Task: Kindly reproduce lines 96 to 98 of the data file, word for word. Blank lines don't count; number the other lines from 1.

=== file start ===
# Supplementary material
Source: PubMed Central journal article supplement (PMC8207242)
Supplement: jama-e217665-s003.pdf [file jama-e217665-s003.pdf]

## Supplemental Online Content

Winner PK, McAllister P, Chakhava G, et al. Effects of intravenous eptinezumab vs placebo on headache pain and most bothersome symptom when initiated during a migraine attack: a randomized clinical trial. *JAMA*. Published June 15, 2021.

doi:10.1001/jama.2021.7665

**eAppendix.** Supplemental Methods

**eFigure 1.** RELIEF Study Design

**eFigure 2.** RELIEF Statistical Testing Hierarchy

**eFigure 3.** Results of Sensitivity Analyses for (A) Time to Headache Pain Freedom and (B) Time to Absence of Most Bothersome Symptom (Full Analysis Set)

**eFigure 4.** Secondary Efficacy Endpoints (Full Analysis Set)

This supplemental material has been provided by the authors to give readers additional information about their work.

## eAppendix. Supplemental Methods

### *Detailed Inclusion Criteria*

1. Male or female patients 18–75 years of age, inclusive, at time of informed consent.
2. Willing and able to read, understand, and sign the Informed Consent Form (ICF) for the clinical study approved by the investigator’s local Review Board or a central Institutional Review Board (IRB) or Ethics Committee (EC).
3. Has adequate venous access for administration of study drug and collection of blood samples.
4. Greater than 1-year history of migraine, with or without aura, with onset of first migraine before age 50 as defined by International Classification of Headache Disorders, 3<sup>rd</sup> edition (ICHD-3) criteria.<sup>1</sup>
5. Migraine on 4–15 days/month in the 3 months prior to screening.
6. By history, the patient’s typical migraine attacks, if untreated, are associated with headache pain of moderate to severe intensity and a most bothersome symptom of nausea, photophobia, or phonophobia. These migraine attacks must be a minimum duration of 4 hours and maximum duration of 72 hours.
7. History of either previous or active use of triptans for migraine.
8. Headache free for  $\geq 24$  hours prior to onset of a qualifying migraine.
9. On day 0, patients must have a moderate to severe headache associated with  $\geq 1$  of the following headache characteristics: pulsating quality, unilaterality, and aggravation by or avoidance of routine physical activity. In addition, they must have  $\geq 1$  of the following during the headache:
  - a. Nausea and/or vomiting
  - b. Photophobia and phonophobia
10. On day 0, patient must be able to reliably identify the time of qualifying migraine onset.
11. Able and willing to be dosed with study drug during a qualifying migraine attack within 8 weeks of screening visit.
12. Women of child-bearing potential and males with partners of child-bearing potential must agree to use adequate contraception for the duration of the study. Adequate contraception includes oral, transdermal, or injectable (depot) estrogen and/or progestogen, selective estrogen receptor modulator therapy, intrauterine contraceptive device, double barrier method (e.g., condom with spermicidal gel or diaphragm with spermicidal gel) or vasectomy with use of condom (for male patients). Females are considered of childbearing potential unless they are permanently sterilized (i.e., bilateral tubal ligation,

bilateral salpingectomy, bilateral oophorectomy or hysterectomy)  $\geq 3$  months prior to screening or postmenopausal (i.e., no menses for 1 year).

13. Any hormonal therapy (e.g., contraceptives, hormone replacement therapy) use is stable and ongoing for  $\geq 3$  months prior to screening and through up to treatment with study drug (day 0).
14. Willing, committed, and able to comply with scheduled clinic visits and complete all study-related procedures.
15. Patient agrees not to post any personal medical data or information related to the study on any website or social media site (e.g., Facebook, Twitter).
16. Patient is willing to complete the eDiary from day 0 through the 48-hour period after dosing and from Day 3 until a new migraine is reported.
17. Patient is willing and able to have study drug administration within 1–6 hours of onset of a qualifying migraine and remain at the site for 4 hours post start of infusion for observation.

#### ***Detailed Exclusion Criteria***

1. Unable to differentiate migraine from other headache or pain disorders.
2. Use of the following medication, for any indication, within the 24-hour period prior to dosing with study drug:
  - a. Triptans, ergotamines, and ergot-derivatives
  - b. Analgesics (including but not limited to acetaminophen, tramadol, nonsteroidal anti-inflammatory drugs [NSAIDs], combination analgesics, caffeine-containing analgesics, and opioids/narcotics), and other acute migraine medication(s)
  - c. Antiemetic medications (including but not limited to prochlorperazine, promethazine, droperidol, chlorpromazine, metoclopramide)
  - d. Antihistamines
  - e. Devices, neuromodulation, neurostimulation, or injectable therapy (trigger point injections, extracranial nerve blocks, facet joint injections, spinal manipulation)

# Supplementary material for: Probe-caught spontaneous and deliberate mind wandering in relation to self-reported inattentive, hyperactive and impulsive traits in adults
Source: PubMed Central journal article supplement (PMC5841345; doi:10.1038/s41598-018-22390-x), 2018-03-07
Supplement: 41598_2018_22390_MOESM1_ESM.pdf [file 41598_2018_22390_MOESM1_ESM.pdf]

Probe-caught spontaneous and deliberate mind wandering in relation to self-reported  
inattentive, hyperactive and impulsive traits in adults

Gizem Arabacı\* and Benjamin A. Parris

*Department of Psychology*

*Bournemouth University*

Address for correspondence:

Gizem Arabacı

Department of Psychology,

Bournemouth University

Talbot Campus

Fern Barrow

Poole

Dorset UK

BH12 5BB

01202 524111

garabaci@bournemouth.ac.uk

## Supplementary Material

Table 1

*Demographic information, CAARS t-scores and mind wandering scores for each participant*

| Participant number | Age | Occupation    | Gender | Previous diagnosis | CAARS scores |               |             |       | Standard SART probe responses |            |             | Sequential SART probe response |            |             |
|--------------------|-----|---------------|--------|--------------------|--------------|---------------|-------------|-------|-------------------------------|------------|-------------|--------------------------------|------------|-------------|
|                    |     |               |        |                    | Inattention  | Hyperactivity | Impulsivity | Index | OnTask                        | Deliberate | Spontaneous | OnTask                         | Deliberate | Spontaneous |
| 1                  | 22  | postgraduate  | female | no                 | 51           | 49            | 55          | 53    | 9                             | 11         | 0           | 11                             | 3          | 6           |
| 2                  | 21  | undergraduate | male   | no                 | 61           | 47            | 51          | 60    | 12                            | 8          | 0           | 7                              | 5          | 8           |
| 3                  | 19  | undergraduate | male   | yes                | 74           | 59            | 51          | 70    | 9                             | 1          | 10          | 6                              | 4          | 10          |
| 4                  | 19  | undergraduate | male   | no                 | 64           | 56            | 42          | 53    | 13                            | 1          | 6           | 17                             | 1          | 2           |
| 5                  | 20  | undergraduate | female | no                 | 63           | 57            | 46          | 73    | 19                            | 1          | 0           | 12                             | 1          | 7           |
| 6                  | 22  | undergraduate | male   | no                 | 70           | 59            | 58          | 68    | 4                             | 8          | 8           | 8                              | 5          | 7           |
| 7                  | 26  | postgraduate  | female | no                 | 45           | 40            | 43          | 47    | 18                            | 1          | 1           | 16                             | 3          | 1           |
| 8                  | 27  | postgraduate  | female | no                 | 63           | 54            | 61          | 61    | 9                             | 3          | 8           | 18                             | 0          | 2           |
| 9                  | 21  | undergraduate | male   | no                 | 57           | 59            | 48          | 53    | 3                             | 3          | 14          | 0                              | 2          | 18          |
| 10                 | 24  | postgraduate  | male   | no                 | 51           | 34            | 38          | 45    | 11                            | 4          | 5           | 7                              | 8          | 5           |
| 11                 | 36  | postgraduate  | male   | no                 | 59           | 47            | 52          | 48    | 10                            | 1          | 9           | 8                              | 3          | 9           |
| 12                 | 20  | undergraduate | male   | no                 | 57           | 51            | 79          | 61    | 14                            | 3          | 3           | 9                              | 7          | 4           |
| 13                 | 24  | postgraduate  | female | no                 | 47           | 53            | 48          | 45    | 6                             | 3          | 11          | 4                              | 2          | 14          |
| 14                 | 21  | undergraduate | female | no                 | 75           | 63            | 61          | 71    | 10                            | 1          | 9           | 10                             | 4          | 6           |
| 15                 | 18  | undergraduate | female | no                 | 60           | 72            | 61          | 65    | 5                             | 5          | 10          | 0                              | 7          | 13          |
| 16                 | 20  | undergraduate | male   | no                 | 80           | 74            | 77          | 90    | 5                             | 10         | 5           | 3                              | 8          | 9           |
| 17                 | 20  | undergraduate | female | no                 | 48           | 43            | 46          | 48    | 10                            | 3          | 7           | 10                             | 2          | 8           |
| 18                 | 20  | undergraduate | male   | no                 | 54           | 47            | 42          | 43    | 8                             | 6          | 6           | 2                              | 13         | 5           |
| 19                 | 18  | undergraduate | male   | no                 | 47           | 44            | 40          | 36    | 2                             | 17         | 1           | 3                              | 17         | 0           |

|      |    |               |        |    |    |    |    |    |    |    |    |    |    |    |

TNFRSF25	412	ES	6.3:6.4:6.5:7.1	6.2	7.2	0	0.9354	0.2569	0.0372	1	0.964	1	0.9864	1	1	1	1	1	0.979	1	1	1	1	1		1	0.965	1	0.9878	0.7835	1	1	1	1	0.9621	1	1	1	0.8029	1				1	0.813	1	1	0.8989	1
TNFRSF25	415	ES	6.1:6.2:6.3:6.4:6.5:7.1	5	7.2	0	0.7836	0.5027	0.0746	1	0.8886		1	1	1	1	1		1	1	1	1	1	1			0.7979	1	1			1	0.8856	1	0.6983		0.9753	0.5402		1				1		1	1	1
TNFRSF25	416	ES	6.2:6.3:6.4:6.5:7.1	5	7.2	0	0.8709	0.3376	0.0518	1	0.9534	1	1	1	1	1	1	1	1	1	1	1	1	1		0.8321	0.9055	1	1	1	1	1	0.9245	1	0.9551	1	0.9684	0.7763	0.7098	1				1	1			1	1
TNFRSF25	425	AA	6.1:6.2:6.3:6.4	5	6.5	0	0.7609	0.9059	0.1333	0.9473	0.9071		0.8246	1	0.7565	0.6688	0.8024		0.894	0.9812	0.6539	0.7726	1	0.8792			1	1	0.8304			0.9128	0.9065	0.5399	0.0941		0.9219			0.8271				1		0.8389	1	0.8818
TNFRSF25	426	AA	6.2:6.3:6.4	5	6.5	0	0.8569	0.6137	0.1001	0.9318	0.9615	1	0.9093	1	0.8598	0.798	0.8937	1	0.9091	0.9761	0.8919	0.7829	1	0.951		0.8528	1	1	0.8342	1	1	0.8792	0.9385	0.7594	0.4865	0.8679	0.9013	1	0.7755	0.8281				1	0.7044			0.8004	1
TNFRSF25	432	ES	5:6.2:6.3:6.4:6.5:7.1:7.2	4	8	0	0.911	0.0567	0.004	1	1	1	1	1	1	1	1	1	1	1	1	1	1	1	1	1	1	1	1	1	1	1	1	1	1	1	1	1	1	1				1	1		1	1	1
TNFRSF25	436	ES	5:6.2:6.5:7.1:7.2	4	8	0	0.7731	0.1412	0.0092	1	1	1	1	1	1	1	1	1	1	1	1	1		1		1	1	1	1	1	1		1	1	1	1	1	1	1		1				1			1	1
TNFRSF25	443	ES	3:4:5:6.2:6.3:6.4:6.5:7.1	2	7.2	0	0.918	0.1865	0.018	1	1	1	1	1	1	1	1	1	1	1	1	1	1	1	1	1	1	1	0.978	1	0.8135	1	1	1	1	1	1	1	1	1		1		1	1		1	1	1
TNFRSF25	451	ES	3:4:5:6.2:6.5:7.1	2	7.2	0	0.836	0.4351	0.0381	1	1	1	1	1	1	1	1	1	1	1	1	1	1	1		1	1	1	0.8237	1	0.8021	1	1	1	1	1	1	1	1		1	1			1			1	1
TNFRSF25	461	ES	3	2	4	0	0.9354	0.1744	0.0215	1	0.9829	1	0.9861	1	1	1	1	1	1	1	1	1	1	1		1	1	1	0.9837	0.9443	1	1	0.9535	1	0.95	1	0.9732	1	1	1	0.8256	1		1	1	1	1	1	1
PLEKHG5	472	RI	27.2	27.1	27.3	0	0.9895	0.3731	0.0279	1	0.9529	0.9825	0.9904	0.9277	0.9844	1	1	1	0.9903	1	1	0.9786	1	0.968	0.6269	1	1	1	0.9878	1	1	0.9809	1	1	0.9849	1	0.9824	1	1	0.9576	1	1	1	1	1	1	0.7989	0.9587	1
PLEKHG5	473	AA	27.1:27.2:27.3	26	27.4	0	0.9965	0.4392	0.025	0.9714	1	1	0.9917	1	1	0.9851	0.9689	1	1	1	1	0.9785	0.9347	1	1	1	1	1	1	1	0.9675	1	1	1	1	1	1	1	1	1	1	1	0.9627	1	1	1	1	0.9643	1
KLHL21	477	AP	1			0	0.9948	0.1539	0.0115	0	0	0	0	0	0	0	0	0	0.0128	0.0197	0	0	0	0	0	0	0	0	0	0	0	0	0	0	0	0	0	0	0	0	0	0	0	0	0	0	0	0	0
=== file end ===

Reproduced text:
TNFRSF25	451	ES	3:4:5:6.2:6.5:7.1	2	7.2	0	0.836	0.4351	0.0381	1	1	1	1	1	1	1	1	1	1	1	1	1	1	1		1	1	1	0.8237	1	0.8021	1	1	1	1	1	1	1	1		1	1			1			1	1
TNFRSF25	461	ES	3	2	4	0	0.9354	0.1744	0.0215	1	0.9829	1	0.9861	1	1	1	1	1	1	1	1	1	1	1		1	1	1	0.9837	0.9443	1	1	0.9535	1	0.95	1	0.9732	1	1	1	0.8256	1		1	1	1	1	1	1
PLEKHG5	472	RI	27.2	27.1	27.3	0	0.9895	0.3731	0.0279	1	0.9529	0.9825	0.9904	0.9277	0.9844	1	1	1	0.9903	1	1	0.9786	1	0.968	0.6269	1	1	1	0.9878	1	1	0.9809	1	1	0.9849	1	0.9824	1	1	0.9576	1	1	1	1	1	1	0.7989	0.9587	1